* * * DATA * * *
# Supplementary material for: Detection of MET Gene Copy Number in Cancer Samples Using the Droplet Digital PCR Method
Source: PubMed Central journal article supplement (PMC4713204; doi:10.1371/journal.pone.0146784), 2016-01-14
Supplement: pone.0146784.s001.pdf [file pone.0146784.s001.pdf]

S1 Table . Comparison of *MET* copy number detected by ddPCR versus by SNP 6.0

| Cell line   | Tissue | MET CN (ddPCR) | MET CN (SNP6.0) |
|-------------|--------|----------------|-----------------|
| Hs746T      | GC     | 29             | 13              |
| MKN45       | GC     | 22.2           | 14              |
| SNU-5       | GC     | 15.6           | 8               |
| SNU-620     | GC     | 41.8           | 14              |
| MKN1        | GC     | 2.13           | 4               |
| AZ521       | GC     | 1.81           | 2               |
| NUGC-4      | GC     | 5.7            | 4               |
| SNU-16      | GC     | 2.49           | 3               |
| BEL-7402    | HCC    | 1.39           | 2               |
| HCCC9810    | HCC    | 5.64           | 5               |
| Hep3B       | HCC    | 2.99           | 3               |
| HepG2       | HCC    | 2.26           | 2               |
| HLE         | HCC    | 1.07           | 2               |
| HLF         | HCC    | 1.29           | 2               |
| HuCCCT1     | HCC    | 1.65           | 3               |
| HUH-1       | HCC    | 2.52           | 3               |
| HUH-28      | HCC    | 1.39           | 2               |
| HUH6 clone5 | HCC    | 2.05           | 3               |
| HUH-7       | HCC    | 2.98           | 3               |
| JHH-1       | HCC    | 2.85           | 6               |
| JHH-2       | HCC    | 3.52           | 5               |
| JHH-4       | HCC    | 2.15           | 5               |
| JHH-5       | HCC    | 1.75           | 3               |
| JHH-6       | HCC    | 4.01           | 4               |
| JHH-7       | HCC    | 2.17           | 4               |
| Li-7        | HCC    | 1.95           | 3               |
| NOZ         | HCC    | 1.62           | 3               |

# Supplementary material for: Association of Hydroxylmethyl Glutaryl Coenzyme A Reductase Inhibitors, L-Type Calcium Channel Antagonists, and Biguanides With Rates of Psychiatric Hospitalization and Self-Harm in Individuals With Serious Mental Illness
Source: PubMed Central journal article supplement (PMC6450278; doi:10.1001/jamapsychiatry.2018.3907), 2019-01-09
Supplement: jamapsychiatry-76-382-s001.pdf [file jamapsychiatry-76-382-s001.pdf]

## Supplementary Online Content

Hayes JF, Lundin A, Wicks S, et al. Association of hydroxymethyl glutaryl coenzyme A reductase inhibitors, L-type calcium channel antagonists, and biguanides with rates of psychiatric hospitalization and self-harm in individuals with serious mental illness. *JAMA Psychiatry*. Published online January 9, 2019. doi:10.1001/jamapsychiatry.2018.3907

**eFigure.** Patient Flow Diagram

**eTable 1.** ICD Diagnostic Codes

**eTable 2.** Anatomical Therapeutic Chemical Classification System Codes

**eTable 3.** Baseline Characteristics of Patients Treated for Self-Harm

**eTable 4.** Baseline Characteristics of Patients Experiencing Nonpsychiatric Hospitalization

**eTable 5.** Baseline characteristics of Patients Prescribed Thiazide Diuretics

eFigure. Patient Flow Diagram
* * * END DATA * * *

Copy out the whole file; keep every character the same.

# Supplementary material for: Detection of MET Gene Copy Number in Cancer Samples Using the Droplet Digital PCR Method
Source: PubMed Central journal article supplement (PMC4713204; doi:10.1371/journal.pone.0146784), 2016-01-14
Supplement: pone.0146784.s001.pdf [file pone.0146784.s001.pdf]

S1 Table . Comparison of *MET* copy number detected by ddPCR versus by SNP 6.0

| Cell line   | Tissue | MET CN (ddPCR) | MET CN (SNP6.0) |
|-------------|--------|----------------|-----------------|
| Hs746T      | GC     | 29             | 13              |
| MKN45       | GC     | 22.2           | 14              |
| SNU-5       | GC     | 15.6           | 8               |
| SNU-620     | GC     | 41.8           | 14              |
| MKN1        | GC     | 2.13           | 4               |
| AZ521       | GC     | 1.81           | 2               |
| NUGC-4      | GC     | 5.7            | 4               |
| SNU-16      | GC     | 2.49           | 3               |
| BEL-7402    | HCC    | 1.39           | 2               |
| HCCC9810    | HCC    | 5.64           | 5               |
| Hep3B       | HCC    | 2.99           | 3               |
| HepG2       | HCC    | 2.26           | 2               |
| HLE         | HCC    | 1.07           | 2               |
| HLF         | HCC    | 1.29           | 2               |
| HuCCCT1     | HCC    | 1.65           | 3               |
| HUH-1       | HCC    | 2.52           | 3               |
| HUH-28      | HCC    | 1.39           | 2               |
| HUH6 clone5 | HCC    | 2.05           | 3               |
| HUH-7       | HCC    | 2.98           | 3               |
| JHH-1       | HCC    | 2.85           | 6               |
| JHH-2       | HCC    | 3.52           | 5               |
| JHH-4       | HCC    | 2.15           | 5               |
| JHH-5       | HCC    | 1.75           | 3               |
| JHH-6       | HCC    | 4.01           | 4               |
| JHH-7       | HCC    | 2.17           | 4               |
| Li-7        | HCC    | 1.95           | 3               |
| NOZ         | HCC    | 1.62           | 3               |

# Supplementary material for: Association of Hydroxylmethyl Glutaryl Coenzyme A Reductase Inhibitors, L-Type Calcium Channel Antagonists, and Biguanides With Rates of Psychiatric Hospitalization and Self-Harm in Individuals With Serious Mental Illness
Source: PubMed Central journal article supplement (PMC6450278; doi:10.1001/jamapsychiatry.2018.3907), 2019-01-09
Supplement: jamapsychiatry-76-382-s001.pdf [file jamapsychiatry-76-382-s001.pdf]

## Supplementary Online Content

Hayes JF, Lundin A, Wicks S, et al. Association of hydroxymethyl glutaryl coenzyme A reductase inhibitors, L-type calcium channel antagonists, and biguanides with rates of psychiatric hospitalization and self-harm in individuals with serious mental illness. *JAMA Psychiatry*. Published online January 9, 2019. doi:10.1001/jamapsychiatry.2018.3907

**eFigure.** Patient Flow Diagram

**eTable 1.** ICD Diagnostic Codes

**eTable 2.** Anatomical Therapeutic Chemical Classification System Codes

**eTable 3.** Baseline Characteristics of Patients Treated for Self-Harm

**eTable 4.** Baseline Characteristics of Patients Experiencing Nonpsychiatric Hospitalization

**eTable 5.** Baseline characteristics of Patients Prescribed Thiazide Diuretics

eFigure. Patient Flow Diagram